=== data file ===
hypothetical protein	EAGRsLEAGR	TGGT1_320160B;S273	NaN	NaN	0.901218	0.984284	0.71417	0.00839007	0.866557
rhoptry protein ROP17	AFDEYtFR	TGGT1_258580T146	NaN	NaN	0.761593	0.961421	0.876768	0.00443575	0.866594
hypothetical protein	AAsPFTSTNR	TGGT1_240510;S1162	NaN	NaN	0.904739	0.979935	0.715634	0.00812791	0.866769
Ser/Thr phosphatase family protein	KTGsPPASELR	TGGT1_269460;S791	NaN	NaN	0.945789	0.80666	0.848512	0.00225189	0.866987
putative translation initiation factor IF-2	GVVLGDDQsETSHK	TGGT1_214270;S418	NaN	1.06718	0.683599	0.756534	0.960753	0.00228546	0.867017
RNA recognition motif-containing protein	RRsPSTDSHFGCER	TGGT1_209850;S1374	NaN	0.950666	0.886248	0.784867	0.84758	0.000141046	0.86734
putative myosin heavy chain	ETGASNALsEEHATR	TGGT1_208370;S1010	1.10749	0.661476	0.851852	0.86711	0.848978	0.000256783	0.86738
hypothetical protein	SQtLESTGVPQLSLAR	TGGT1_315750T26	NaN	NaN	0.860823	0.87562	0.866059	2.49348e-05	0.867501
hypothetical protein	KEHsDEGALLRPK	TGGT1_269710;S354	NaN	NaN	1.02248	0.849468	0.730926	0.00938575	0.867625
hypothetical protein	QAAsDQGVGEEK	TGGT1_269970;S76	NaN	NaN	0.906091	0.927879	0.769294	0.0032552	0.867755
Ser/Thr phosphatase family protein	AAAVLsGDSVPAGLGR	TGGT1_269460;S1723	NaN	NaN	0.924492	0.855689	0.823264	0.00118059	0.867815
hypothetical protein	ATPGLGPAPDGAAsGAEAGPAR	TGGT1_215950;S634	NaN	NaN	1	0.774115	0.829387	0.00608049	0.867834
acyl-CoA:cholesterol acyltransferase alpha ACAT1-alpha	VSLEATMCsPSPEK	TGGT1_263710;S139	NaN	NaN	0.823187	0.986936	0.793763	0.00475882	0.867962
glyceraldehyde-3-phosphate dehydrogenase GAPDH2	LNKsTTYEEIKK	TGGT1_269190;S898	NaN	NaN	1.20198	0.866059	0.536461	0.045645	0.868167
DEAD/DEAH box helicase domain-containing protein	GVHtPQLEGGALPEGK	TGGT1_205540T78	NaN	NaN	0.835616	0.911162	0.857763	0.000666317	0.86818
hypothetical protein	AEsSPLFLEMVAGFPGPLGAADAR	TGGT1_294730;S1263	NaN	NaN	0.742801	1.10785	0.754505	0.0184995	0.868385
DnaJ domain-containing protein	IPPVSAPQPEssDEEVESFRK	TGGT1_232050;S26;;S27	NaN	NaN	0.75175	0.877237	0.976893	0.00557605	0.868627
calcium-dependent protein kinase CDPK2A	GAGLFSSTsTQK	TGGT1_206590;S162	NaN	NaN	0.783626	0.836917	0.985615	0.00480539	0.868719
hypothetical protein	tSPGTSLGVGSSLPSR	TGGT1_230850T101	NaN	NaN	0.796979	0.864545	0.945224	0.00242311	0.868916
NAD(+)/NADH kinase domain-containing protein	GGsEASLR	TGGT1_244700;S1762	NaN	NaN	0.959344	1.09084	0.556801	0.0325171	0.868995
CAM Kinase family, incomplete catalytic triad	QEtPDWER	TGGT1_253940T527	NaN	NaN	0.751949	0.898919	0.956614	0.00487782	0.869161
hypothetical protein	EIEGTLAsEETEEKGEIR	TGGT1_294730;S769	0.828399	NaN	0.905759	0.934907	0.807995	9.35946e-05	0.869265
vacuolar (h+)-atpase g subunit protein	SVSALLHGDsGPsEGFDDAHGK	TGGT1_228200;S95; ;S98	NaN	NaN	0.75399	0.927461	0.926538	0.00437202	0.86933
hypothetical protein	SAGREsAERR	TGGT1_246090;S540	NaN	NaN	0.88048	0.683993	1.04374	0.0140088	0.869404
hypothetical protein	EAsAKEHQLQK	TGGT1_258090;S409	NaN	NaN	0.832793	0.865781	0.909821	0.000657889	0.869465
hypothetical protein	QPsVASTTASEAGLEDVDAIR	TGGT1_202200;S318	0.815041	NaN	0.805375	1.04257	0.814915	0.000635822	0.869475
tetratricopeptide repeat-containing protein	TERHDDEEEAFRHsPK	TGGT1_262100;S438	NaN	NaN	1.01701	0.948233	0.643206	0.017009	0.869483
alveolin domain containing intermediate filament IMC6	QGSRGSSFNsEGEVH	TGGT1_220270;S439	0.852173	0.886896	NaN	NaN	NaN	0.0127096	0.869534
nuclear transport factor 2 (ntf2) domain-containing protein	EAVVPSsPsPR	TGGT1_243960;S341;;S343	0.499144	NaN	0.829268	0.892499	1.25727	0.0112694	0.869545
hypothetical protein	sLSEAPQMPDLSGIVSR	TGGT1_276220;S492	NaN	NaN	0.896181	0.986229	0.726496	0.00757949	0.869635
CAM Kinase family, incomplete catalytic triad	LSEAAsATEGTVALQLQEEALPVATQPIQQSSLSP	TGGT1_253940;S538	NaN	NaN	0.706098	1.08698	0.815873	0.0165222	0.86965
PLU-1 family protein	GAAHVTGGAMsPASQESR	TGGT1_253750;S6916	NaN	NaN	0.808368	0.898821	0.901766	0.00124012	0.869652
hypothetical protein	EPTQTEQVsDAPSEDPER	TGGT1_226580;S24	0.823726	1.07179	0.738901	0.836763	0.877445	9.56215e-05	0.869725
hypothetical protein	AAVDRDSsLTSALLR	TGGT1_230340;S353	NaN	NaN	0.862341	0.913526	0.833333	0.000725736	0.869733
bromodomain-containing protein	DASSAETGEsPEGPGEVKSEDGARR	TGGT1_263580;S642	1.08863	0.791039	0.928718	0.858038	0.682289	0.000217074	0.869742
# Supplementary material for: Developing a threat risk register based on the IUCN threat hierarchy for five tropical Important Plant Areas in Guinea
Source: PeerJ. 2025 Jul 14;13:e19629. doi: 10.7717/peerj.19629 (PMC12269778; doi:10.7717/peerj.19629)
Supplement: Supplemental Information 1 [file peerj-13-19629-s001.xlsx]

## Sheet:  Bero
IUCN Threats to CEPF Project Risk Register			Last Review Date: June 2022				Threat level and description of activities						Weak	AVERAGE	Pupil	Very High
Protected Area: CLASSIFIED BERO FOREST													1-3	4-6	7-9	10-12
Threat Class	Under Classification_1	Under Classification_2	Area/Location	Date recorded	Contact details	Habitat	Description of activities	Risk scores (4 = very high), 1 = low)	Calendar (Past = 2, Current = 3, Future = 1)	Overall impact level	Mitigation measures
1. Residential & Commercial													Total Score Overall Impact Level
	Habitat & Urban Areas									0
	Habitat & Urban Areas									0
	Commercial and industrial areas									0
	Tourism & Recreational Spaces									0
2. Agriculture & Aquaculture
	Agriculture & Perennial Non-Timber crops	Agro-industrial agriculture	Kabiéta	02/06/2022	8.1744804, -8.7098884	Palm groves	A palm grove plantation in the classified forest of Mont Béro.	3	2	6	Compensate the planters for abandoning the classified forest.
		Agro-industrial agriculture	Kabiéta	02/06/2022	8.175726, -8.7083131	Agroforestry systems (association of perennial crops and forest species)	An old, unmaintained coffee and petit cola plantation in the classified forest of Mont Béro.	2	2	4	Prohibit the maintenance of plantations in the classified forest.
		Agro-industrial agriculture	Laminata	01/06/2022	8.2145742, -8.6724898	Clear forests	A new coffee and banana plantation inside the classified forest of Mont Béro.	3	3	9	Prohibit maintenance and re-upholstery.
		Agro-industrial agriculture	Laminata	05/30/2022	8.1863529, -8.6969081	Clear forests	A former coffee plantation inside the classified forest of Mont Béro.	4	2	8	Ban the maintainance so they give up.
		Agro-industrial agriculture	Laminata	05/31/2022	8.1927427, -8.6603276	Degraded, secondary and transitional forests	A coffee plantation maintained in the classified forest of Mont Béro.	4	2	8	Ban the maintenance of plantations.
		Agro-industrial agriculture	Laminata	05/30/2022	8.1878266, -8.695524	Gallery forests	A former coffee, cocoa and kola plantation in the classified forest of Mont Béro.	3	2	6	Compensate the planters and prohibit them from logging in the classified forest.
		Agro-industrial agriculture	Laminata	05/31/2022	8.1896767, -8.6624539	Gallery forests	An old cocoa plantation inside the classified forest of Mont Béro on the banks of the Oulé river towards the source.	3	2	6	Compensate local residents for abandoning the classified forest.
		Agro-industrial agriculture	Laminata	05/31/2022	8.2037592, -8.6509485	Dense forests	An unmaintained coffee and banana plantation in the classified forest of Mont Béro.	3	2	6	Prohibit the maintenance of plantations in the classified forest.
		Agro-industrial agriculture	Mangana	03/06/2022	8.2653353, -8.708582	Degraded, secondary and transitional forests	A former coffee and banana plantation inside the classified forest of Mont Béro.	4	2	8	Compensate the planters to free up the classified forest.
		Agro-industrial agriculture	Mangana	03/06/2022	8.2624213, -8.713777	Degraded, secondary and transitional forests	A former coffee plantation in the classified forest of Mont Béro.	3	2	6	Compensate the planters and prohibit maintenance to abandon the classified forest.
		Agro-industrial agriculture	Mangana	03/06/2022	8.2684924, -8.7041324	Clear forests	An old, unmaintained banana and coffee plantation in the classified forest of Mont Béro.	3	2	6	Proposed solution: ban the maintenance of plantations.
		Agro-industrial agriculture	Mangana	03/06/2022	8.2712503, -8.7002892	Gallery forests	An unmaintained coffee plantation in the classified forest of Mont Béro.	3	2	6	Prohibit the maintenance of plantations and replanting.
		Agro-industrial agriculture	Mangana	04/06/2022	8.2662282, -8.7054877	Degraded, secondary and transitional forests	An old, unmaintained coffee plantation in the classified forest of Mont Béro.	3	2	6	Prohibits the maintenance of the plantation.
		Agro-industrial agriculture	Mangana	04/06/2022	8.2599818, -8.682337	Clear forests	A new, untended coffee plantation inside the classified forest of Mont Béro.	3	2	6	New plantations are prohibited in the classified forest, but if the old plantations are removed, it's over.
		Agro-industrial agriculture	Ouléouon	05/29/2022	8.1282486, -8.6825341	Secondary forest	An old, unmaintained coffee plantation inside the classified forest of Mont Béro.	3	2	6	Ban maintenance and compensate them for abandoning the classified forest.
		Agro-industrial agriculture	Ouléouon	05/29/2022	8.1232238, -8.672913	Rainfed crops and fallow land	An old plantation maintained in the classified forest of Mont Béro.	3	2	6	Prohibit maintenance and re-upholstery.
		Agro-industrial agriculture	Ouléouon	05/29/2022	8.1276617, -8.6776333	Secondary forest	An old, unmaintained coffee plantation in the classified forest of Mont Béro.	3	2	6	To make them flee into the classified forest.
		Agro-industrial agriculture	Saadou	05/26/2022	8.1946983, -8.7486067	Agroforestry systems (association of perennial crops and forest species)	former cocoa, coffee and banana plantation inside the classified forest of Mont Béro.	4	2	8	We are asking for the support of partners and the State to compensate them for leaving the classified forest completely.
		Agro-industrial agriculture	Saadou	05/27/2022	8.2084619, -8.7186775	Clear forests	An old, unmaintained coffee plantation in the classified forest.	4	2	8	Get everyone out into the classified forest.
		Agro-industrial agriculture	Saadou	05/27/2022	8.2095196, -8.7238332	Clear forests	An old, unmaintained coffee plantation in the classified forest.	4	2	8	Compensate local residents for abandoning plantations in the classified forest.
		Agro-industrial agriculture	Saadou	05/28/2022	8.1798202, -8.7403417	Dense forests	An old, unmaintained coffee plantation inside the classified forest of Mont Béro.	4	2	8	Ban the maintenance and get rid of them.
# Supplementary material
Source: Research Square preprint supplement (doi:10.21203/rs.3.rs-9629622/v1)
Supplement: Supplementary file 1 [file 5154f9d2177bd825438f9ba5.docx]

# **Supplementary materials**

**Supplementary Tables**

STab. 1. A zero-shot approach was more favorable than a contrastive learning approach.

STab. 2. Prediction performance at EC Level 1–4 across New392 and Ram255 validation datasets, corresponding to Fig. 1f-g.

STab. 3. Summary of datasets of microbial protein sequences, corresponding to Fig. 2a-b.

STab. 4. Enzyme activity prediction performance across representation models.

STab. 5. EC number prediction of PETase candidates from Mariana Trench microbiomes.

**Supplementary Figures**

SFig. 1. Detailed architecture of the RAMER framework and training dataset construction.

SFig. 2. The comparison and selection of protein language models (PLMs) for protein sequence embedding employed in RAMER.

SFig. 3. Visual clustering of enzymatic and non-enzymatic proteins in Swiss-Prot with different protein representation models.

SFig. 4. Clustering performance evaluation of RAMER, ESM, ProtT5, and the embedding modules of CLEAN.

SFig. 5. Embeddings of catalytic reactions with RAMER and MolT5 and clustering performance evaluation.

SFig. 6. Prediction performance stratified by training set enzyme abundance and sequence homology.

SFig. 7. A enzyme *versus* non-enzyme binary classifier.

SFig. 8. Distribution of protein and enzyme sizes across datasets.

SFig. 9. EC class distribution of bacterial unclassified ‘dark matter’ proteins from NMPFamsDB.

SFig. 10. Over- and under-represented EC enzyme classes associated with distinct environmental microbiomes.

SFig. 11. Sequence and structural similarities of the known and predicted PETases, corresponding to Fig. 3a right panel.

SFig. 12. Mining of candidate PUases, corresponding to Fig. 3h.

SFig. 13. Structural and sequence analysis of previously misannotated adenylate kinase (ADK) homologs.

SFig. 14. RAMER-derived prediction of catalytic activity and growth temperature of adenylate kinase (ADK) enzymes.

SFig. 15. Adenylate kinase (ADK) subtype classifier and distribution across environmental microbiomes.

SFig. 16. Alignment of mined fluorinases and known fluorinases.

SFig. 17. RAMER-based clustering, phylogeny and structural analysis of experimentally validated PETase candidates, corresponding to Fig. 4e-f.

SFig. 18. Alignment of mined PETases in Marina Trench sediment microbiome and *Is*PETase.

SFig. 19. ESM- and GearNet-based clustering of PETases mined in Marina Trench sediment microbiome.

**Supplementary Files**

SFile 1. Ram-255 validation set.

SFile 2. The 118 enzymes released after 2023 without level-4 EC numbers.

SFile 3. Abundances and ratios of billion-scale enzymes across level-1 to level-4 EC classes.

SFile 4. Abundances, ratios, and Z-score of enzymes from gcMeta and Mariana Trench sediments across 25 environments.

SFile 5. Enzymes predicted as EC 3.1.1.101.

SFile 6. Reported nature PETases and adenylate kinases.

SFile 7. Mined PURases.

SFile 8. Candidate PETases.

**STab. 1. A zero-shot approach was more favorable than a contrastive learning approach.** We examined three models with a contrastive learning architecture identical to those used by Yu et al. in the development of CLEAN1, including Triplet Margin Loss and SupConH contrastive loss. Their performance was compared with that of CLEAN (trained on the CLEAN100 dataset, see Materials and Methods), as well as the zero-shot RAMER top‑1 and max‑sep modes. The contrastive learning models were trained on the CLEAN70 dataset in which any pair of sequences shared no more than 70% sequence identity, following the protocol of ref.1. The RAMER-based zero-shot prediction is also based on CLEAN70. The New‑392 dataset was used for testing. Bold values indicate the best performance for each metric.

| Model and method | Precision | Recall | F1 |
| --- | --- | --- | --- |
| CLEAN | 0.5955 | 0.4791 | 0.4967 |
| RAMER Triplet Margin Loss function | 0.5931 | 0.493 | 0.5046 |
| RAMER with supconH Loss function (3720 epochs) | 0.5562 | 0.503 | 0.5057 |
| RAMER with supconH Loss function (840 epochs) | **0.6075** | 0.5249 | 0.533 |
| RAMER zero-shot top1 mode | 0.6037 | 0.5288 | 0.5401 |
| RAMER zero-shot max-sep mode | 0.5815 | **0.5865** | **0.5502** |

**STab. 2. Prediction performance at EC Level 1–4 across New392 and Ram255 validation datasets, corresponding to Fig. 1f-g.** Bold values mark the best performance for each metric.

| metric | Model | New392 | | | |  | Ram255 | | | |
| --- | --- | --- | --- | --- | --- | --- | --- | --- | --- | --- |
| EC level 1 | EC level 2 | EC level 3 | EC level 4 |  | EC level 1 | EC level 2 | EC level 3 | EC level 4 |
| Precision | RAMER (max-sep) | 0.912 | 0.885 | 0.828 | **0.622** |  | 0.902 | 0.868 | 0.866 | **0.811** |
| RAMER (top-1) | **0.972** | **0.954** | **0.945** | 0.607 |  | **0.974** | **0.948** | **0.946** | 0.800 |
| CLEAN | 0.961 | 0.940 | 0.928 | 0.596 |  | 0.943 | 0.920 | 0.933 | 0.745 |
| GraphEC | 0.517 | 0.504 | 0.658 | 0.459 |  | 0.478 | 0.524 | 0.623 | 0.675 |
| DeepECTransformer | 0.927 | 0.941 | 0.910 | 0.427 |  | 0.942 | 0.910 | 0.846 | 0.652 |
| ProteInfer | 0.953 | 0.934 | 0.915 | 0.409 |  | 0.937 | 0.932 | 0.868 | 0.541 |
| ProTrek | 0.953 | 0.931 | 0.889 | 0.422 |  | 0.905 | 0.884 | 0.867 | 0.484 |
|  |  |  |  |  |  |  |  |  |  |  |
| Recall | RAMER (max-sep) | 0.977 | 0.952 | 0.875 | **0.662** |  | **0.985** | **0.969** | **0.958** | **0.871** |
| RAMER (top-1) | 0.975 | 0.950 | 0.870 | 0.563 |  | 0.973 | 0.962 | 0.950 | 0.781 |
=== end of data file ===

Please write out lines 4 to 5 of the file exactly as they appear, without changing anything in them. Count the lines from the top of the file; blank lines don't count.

Ser/Thr phosphatase family protein	KTGsPPASELR	TGGT1_269460;S791	NaN	NaN	0.945789	0.80666	0.848512	0.00225189	0.866987
putative translation initiation factor IF-2	GVVLGDDQsETSHK	TGGT1_214270;S418	NaN	1.06718	0.683599	0.756534	0.960753	0.00228546	0.867017